Both men and women vendors are found all over the country. The number of women vendors tends to decrease in the North, as well as in large size cities, whereas it is higher in the South and North East. In Meghalaya, for example, women constitute about 70% of vendors, whereas in Kanpur they are about 20%. In Mumbai about 17% vendors are female whereas in Patna 21% and Bangalore 44%. Street vendors are drawn from all castes and communities although a majority tend to belong to backward castes or the Muslim community. In some cities even members of upper-castes, especially Banias, take to street trading.

Their literacy level is usually low since they start going out on the streets at a young age. The variation in levels is, however, a reflection of the region they come from. The proportion of illiterate street vendors in Varanasi for example is 52%, whereas in Mangalore it is only 25%.

Street vendors learn their trade from family members. Children start at an early age since the entire family is involved in vending. From haggling in wholesale markets at 4 am, to walking the roads in the middle class colonies for eight hours a day, street vending is not only labour intensive, it involves hard physical work. Although many street traders buy wholesale and sell retail, many others especially in smaller towns tend to be producers as well. Family members of food vendors tend to prepare food at home to sell in the streets, artisans make their own products to vend, farmers bring in their produce from the rural areas.



Vendor earnings vary greatly, depending on their location, the city and the product. Generally, mobile vendors earn less than stationary ones, those selling perishable goods like vegetables or fish earn less than those dealing in industrial goods like garments and electronics, and vendors in small towns and those selling in residential areas earn less than those in large cities selling in commercial centres. Women, who tend to be mobile and sell mainly perishables, on average earn less than men. In Lucknow, for example, the median earning was found to be about Rs 50 per day whereas in Mumbai it was close to Rs 100.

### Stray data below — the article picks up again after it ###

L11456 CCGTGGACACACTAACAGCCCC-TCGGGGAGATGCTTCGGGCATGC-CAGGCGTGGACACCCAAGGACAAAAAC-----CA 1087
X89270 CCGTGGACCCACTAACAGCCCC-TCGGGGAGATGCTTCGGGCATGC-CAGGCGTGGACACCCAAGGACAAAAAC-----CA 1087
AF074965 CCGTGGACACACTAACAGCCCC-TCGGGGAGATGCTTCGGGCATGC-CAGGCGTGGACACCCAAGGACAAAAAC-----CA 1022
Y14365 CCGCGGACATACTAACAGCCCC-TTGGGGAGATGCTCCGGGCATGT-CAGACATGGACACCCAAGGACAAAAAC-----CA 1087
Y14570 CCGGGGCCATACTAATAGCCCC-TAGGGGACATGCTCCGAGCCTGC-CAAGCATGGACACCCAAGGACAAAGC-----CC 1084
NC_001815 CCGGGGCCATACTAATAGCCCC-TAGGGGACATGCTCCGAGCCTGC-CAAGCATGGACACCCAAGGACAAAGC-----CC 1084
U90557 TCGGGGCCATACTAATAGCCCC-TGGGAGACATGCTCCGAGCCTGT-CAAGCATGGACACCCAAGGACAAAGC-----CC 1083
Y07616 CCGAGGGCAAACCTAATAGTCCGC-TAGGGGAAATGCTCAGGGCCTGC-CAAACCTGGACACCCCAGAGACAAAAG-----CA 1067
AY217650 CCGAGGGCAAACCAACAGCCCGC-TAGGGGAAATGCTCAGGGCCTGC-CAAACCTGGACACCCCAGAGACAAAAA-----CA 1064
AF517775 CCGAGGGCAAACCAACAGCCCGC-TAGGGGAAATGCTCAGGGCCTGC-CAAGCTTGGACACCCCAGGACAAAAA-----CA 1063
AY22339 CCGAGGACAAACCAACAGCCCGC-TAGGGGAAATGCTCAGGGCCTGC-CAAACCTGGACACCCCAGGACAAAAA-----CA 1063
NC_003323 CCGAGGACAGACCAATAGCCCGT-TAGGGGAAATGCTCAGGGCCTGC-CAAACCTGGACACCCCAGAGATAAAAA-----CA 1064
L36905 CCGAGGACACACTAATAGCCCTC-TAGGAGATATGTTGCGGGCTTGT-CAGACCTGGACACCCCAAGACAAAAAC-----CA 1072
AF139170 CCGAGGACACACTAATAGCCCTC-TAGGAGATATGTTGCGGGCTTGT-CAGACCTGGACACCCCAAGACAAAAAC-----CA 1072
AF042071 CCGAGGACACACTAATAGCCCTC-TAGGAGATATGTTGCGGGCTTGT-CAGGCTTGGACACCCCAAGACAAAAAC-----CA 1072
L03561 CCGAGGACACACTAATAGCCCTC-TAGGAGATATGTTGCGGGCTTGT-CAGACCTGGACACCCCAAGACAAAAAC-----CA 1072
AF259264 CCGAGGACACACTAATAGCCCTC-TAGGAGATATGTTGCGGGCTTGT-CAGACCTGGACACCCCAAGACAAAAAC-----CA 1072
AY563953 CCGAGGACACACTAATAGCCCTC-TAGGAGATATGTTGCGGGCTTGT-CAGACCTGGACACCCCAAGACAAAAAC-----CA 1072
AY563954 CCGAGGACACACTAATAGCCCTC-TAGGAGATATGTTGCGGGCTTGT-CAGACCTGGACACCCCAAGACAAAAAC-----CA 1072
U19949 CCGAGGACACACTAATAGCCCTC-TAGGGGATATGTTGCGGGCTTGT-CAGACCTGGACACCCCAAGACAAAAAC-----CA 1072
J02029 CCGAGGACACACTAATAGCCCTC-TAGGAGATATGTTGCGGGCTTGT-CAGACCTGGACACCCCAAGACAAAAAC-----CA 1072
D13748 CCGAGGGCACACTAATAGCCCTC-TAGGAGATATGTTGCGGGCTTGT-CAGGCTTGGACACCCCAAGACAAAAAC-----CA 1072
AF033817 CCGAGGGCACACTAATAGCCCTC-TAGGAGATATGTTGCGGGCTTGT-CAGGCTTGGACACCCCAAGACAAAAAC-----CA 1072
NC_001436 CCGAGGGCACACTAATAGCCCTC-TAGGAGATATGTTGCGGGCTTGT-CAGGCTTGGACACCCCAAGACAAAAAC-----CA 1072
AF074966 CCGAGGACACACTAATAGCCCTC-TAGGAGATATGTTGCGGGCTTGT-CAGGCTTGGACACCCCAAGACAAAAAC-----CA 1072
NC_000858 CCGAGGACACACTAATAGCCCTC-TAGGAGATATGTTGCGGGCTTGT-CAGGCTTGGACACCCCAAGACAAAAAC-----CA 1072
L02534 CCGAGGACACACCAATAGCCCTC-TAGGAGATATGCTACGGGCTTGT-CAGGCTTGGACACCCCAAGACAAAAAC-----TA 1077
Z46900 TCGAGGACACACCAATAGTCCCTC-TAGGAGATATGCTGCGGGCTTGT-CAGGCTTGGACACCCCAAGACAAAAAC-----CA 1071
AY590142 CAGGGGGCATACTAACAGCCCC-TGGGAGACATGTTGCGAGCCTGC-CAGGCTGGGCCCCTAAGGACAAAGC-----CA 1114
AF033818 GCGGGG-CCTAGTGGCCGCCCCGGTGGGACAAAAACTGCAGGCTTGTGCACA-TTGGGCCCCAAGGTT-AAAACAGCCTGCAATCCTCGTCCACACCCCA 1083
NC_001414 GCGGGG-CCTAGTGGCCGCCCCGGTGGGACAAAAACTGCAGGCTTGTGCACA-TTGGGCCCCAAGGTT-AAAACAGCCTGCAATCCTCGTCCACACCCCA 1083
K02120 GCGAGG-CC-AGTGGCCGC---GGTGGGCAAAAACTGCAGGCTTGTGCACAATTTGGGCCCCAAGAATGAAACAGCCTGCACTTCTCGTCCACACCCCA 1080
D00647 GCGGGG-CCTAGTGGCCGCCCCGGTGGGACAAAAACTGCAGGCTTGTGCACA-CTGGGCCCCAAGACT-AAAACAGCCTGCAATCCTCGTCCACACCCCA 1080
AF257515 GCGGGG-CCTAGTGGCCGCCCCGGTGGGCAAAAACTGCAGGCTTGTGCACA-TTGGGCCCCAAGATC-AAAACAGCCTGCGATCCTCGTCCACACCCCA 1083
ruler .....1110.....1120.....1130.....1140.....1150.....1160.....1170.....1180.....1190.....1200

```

Like other entrepreneurs or businesspersons, street vendors too need capital. Unfortunately, since they are perceived as a ‘nuisance’ or ‘obstruction’ rather than as entrepreneurs, the banks tend to disregard their need for capital. The result is that they are forced to borrow from private moneylenders or wholesalers, paying on average 100% to 125% interest on their loans. Often, the rate may be even higher at 10% per day, i.e., over 300%! This exorbitantly high rate tends to be a major drain on their income.



In addition to high interest charges they also have to pay ‘costs’ for being ‘allowed’ to sell. Some of these costs are ‘legal’ – daily payments or tehbazari charged by municipalities, fines for traffic violations or payments to municipality for release of confiscated goods. Others are, however, illegal and take the form of bribes to the police, municipal officials or to local strongmen. A study for the city of Ahmedabad indicates that while the legal fees paid to the city by street traders in 1998 was Rs 5.6 crore, illegal fees paid was Rs 5.5 crore.

Since street vendors practically spend their entire life in public spaces dealing with all types of people, they tend to become brash and hardened. However, the major problem they face is the exposure to violence. Violence from the police is a fact of life. Violence from municipal authorities or from goondas leaves them feeling perpetually threatened. For women the problem is far worse, involving sexual harassment as well as beatings. The violence is accompanied by uncertainty and fear, when they run at the appearance of the municipal or police vans. On the other hand, their easy manner and bantering attract people to them. They tend to enjoy life interacting with many different types of people, often develop close relationships with customers and like other businesspersons, use social skills to enhance their business.